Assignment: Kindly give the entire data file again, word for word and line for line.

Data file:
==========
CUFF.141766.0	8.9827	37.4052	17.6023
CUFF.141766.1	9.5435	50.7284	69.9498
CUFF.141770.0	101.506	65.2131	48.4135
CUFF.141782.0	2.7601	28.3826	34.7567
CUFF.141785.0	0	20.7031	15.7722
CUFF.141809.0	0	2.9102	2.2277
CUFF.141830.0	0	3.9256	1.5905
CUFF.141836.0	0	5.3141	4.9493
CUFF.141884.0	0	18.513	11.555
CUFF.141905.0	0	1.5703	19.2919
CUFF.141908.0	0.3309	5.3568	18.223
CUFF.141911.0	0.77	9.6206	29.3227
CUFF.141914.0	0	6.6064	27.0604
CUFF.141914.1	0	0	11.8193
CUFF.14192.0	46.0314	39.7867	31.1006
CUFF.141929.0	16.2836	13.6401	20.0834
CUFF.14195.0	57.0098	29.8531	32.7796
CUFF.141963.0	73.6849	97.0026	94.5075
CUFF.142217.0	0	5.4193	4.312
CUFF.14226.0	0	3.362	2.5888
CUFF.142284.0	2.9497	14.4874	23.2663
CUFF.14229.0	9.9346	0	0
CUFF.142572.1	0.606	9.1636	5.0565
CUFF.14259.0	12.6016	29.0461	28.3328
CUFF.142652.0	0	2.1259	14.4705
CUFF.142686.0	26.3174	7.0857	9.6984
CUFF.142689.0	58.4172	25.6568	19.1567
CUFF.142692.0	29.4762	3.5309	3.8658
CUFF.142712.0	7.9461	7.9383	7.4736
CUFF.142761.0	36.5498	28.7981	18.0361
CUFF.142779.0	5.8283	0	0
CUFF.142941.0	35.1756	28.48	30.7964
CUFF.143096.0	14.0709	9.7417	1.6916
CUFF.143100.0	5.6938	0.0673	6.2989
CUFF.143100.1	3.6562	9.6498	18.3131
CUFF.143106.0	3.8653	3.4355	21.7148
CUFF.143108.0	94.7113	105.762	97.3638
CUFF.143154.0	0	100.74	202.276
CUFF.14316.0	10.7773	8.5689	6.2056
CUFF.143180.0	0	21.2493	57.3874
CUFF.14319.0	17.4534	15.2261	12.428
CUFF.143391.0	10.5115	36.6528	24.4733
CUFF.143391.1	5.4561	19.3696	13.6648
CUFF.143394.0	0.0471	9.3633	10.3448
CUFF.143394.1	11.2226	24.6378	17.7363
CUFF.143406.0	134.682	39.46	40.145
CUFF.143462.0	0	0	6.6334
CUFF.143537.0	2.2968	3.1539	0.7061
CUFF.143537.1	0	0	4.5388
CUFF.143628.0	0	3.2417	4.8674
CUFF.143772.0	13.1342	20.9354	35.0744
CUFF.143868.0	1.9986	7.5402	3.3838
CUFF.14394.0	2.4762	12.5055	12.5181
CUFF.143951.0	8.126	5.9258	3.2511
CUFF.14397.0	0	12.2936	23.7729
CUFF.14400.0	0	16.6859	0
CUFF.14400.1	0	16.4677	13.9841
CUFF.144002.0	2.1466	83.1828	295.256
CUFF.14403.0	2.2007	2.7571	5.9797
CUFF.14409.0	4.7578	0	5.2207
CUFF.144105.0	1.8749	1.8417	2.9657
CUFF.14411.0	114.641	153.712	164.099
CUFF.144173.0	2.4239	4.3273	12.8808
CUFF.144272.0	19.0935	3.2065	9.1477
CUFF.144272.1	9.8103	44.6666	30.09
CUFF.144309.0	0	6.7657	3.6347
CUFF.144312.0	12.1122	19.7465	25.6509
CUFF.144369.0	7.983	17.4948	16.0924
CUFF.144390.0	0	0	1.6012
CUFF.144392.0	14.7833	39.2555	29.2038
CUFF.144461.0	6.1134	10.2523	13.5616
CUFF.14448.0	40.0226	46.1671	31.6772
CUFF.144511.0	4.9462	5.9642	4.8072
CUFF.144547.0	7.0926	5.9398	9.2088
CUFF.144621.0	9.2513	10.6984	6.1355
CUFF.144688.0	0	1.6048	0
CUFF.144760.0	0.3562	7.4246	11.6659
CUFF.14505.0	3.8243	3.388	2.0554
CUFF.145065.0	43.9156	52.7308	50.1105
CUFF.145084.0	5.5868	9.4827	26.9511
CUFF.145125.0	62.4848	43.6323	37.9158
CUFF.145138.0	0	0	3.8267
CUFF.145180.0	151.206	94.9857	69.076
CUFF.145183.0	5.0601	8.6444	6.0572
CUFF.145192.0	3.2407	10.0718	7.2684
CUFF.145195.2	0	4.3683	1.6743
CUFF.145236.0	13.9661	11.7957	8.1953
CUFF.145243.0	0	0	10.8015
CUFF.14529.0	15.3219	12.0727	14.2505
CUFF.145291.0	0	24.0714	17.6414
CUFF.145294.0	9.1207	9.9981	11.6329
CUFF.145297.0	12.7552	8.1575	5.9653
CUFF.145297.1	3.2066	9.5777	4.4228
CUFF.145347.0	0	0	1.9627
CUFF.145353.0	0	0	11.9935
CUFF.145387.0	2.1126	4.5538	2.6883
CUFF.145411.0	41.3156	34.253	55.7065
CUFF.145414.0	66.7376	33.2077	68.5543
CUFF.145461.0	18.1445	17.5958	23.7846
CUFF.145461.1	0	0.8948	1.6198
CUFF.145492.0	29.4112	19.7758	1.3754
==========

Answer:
CUFF.141766.0	8.9827	37.4052	17.6023
CUFF.141766.1	9.5435	50.7284	69.9498
CUFF.141770.0	101.506	65.2131	48.4135
CUFF.141782.0	2.7601	28.3826	34.7567
CUFF.141785.0	0	20.7031	15.7722
CUFF.141809.0	0	2.9102	2.2277
CUFF.141830.0	0	3.9256	1.5905
CUFF.141836.0	0	5.3141	4.9493
CUFF.141884.0	0	18.513	11.555
CUFF.141905.0	0	1.5703	19.2919
CUFF.141908.0	0.3309	5.3568	18.223
CUFF.141911.0	0.77	9.6206	29.3227
CUFF.141914.0	0	6.6064	27.0604
CUFF.141914.1	0	0	11.8193
CUFF.14192.0	46.0314	39.7867	31.1006
CUFF.141929.0	16.2836	13.6401	20.0834
CUFF.14195.0	57.0098	29.8531	32.7796
CUFF.141963.0	73.6849	97.0026	94.5075
CUFF.142217.0	0	5.4193	4.312
CUFF.14226.0	0	3.362	2.5888
CUFF.142284.0	2.9497	14.4874	23.2663
CUFF.14229.0	9.9346	0	0
CUFF.142572.1	0.606	9.1636	5.0565
CUFF.14259.0	12.6016	29.0461	28.3328
CUFF.142652.0	0	2.1259	14.4705
CUFF.142686.0	26.3174	7.0857	9.6984
CUFF.142689.0	58.4172	25.6568	19.1567
CUFF.142692.0	29.4762	3.5309	3.8658
CUFF.142712.0	7.9461	7.9383	7.4736
CUFF.142761.0	36.5498	28.7981	18.0361
CUFF.142779.0	5.8283	0	0
CUFF.142941.0	35.1756	28.48	30.7964
CUFF.143096.0	14.0709	9.7417	1.6916
CUFF.143100.0	5.6938	0.0673	6.2989
CUFF.143100.1	3.6562	9.6498	18.3131
CUFF.143106.0	3.8653	3.4355	21.7148
CUFF.143108.0	94.7113	105.762	97.3638
CUFF.143154.0	0	100.74	202.276
CUFF.14316.0	10.7773	8.5689	6.2056
CUFF.143180.0	0	21.2493	57.3874
CUFF.14319.0	17.4534	15.2261	12.428
CUFF.143391.0	10.5115	36.6528	24.4733
CUFF.143391.1	5.4561	19.3696	13.6648
CUFF.143394.0	0.0471	9.3633	10.3448
CUFF.143394.1	11.2226	24.6378	17.7363
CUFF.143406.0	134.682	39.46	40.145
CUFF.143462.0	0	0	6.6334
CUFF.143537.0	2.2968	3.1539	0.7061
CUFF.143537.1	0	0	4.5388
CUFF.143628.0	0	3.2417	4.8674
CUFF.143772.0	13.1342	20.9354	35.0744
CUFF.143868.0	1.9986	7.5402	3.3838
CUFF.14394.0	2.4762	12.5055	12.5181
CUFF.143951.0	8.126	5.9258	3.2511
CUFF.14397.0	0	12.2936	23.7729
CUFF.14400.0	0	16.6859	0
CUFF.14400.1	0	16.4677	13.9841
CUFF.144002.0	2.1466	83.1828	295.256
CUFF.14403.0	2.2007	2.7571	5.9797
CUFF.14409.0	4.7578	0	5.2207
CUFF.144105.0	1.8749	1.8417	2.9657
CUFF.14411.0	114.641	153.712	164.099
CUFF.144173.0	2.4239	4.3273	12.8808
CUFF.144272.0	19.0935	3.2065	9.1477
CUFF.144272.1	9.8103	44.6666	30.09
CUFF.144309.0	0	6.7657	3.6347
CUFF.144312.0	12.1122	19.7465	25.6509
CUFF.144369.0	7.983	17.4948	16.0924
CUFF.144390.0	0	0	1.6012
CUFF.144392.0	14.7833	39.2555	29.2038
CUFF.144461.0	6.1134	10.2523	13.5616
CUFF.14448.0	40.0226	46.1671	31.6772
CUFF.144511.0	4.9462	5.9642	4.8072
CUFF.144547.0	7.0926	5.9398	9.2088
CUFF.144621.0	9.2513	10.6984	6.1355
CUFF.144688.0	0	1.6048	0
CUFF.144760.0	0.3562	7.4246	11.6659
CUFF.14505.0	3.8243	3.388	2.0554
CUFF.145065.0	43.9156	52.7308	50.1105
CUFF.145084.0	5.5868	9.4827	26.9511
CUFF.145125.0	62.4848	43.6323	37.9158
CUFF.145138.0	0	0	3.8267
CUFF.145180.0	151.206	94.9857	69.076
CUFF.145183.0	5.0601	8.6444	6.0572
CUFF.145192.0	3.2407	10.0718	7.2684
CUFF.145195.2	0	4.3683	1.6743
CUFF.145236.0	13.9661	11.7957	8.1953
CUFF.145243.0	0	0	10.8015
CUFF.14529.0	15.3219	12.0727	14.2505
CUFF.145291.0	0	24.0714	17.6414
CUFF.145294.0	9.1207	9.9981	11.6329
CUFF.145297.0	12.7552	8.1575	5.9653
CUFF.145297.1	3.2066	9.5777	4.4228
CUFF.145347.0	0	0	1.9627
CUFF.145353.0	0	0	11.9935
CUFF.145387.0	2.1126	4.5538	2.6883
CUFF.145411.0	41.3156	34.253	55.7065
CUFF.145414.0	66.7376	33.2077	68.5543
CUFF.145461.0	18.1445	17.5958	23.7846
CUFF.145461.1	0	0.8948	1.6198
CUFF.145492.0	29.4112	19.7758	1.3754